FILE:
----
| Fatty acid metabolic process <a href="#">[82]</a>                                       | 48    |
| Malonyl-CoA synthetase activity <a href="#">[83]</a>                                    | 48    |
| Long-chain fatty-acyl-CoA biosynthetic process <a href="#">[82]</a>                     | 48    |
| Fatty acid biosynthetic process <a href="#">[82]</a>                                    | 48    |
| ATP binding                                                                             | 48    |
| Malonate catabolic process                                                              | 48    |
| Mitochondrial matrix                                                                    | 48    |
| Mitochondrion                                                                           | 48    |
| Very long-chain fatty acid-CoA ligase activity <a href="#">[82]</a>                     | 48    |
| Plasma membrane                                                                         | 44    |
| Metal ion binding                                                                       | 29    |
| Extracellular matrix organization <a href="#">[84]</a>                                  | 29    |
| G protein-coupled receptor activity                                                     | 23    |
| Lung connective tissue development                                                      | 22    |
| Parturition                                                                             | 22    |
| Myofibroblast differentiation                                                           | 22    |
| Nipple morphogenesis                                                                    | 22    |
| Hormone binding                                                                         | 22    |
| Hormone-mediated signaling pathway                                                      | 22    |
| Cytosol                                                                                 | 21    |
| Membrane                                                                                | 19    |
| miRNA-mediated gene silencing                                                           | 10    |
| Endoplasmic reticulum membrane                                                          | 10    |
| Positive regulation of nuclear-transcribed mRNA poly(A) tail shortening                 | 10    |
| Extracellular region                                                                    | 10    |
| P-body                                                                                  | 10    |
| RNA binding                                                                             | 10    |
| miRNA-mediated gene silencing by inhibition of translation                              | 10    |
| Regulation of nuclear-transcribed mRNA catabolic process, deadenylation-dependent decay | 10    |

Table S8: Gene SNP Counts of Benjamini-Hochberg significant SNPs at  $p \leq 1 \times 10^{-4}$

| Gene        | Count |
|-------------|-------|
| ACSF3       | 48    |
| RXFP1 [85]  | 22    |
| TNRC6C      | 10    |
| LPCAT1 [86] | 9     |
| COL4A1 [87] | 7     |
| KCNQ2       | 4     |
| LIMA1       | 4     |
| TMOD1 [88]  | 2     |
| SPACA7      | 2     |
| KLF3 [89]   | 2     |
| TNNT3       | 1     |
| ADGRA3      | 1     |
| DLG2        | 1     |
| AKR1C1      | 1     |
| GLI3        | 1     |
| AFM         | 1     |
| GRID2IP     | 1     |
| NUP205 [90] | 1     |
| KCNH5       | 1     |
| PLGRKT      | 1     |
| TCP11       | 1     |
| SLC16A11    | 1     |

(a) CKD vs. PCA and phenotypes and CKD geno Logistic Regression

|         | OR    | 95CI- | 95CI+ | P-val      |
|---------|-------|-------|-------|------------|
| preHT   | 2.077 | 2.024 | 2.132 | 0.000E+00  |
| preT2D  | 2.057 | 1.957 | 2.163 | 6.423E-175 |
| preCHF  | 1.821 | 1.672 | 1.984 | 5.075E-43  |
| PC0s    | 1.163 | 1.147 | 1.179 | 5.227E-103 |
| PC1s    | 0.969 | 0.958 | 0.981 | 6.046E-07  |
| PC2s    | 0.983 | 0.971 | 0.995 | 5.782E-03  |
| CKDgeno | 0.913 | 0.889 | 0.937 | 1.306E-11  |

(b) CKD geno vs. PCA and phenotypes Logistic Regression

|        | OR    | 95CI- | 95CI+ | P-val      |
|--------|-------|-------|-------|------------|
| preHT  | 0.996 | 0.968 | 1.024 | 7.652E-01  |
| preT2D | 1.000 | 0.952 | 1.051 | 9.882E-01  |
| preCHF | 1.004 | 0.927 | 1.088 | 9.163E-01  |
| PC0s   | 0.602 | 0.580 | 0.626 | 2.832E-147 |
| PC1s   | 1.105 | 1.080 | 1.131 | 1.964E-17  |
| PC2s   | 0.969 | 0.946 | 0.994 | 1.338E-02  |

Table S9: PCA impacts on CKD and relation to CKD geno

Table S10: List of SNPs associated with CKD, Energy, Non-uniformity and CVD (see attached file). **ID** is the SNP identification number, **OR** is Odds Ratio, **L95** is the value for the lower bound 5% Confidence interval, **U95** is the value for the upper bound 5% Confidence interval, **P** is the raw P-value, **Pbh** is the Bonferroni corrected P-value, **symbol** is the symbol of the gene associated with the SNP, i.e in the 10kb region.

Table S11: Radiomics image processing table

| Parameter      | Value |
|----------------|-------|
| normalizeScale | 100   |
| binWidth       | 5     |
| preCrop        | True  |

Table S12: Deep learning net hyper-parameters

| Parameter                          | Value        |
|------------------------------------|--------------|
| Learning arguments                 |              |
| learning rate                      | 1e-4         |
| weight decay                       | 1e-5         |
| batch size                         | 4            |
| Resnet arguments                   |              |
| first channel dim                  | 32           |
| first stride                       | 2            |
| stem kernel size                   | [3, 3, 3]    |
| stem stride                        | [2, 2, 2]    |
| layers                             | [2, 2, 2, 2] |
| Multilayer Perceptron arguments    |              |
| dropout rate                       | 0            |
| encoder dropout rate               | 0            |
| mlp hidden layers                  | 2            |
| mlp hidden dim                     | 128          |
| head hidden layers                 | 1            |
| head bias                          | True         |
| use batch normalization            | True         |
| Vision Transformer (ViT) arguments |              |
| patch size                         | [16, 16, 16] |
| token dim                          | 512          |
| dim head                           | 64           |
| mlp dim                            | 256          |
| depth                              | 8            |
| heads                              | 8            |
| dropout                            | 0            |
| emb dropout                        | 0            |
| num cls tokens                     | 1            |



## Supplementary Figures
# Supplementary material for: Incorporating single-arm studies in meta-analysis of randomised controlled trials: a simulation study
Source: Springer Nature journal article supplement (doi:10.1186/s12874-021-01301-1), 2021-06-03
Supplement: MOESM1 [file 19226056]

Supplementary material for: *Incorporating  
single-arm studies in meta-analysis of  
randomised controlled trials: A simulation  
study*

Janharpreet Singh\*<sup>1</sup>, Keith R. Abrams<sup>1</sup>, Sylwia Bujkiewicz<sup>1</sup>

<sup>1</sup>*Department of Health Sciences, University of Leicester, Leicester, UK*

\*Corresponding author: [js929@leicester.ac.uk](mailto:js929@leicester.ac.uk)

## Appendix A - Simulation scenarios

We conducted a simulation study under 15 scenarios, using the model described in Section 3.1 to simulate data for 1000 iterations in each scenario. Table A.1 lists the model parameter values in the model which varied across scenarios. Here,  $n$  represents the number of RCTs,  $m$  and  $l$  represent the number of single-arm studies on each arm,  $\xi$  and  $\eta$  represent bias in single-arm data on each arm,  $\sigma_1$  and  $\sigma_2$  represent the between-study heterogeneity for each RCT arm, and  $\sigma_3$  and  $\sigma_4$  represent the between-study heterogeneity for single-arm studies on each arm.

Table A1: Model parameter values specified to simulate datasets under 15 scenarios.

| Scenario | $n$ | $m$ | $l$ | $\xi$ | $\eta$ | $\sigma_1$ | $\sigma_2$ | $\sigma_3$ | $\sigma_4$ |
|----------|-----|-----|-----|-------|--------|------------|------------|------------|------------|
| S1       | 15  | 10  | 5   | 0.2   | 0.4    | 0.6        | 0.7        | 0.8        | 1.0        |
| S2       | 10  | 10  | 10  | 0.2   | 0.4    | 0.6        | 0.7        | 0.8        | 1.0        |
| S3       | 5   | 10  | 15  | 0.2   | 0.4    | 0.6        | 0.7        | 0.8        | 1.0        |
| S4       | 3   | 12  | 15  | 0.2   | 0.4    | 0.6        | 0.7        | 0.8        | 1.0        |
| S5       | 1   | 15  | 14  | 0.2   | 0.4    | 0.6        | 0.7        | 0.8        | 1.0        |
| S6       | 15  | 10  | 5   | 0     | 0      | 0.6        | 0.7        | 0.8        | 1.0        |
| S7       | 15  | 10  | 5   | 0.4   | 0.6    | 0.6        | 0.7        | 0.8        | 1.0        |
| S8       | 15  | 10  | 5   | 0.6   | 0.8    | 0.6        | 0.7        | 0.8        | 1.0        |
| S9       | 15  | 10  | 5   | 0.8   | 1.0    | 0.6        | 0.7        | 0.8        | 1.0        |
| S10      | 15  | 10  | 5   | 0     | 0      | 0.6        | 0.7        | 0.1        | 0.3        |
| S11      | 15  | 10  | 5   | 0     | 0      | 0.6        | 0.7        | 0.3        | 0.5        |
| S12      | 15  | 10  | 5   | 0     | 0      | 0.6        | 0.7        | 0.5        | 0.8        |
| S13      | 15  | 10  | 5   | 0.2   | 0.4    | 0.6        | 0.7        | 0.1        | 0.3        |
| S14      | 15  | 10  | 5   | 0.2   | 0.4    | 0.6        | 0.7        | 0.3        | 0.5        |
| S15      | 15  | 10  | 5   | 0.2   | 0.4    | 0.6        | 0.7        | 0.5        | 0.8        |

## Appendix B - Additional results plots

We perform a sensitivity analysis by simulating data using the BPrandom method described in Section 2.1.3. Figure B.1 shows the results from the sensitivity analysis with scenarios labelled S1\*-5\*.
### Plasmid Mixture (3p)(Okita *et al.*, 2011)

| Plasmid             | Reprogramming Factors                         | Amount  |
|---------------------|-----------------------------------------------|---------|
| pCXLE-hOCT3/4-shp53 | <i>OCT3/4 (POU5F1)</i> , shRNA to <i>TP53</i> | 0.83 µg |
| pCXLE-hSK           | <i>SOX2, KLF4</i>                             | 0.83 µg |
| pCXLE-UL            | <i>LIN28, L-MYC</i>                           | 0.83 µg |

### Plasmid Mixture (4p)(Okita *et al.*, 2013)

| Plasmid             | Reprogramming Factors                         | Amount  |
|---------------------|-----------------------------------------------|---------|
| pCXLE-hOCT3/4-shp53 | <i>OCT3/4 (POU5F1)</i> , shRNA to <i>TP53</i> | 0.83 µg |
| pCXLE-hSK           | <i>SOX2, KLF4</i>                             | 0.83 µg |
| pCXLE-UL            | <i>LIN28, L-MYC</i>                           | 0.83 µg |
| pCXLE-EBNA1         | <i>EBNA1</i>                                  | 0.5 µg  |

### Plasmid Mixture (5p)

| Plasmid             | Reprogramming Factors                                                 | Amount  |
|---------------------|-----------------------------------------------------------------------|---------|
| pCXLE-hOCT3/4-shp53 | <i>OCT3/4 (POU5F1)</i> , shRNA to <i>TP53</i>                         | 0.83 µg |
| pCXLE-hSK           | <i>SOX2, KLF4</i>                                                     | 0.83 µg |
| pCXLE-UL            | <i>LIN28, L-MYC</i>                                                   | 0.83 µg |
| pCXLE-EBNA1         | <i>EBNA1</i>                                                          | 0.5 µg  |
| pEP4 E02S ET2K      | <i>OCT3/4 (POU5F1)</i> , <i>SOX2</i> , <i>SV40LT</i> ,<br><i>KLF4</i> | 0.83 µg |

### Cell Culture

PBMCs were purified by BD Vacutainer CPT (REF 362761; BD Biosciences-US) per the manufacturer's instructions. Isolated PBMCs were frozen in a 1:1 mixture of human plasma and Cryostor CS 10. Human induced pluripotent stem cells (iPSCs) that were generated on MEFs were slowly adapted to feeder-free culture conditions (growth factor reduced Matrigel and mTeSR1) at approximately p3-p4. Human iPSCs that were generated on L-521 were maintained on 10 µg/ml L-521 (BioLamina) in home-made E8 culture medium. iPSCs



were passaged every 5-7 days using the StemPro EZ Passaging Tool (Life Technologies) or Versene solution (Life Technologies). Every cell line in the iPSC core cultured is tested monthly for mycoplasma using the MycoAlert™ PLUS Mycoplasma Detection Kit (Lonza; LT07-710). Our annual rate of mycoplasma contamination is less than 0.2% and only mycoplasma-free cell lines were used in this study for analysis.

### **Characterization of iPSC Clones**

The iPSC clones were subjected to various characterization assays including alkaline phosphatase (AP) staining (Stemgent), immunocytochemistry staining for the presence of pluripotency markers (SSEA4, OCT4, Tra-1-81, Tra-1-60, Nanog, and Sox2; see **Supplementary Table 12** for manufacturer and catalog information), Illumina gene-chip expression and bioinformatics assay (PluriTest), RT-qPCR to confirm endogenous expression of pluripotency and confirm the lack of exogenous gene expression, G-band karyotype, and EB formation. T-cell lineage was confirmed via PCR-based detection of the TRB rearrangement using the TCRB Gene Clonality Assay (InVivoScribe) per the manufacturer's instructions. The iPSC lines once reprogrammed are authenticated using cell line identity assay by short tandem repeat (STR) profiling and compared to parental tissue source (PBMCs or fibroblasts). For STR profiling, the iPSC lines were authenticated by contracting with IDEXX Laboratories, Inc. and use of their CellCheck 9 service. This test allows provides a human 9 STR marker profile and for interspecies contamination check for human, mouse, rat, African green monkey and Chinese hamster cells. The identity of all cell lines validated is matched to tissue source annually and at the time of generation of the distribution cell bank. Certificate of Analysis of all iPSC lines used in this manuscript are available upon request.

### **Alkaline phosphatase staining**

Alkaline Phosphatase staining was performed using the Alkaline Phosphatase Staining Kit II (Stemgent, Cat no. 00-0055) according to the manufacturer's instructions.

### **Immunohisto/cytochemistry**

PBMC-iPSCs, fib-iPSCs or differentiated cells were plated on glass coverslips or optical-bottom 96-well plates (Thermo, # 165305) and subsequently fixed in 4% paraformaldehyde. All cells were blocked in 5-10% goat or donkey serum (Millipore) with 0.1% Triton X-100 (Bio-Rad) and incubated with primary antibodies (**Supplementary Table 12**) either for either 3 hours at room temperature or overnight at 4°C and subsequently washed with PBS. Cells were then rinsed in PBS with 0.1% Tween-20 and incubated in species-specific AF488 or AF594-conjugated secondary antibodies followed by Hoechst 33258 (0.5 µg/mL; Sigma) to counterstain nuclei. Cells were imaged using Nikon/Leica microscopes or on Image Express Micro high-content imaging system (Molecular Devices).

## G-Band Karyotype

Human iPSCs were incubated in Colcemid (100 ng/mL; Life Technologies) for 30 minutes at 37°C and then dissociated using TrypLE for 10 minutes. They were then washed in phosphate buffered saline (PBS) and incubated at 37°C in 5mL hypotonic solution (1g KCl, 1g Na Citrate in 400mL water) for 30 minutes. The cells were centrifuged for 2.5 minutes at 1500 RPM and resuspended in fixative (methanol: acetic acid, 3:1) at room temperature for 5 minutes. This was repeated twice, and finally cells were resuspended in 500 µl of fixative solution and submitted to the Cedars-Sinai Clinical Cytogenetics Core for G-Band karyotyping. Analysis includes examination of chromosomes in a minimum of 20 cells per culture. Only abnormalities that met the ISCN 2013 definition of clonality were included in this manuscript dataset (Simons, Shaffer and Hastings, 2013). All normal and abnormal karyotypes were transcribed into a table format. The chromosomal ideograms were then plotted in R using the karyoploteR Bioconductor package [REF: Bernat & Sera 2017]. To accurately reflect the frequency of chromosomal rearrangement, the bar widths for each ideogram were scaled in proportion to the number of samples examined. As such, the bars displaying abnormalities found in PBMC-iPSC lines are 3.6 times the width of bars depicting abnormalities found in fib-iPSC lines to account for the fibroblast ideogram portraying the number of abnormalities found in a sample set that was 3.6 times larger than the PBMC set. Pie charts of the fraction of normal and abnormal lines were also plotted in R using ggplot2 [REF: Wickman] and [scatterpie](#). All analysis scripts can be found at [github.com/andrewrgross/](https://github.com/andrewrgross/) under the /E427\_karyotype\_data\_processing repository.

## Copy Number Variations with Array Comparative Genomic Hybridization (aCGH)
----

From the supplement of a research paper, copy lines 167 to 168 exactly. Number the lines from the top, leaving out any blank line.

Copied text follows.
### Cell Culture

PBMCs were purified by BD Vacutainer CPT (REF 362761; BD Biosciences-US) per the manufacturer's instructions. Isolated PBMCs were frozen in a 1:1 mixture of human plasma and Cryostor CS 10. Human induced pluripotent stem cells (iPSCs) that were generated on MEFs were slowly adapted to feeder-free culture conditions (growth factor reduced Matrigel and mTeSR1) at approximately p3-p4. Human iPSCs that were generated on L-521 were maintained on 10 µg/ml L-521 (BioLamina) in home-made E8 culture medium. iPSCs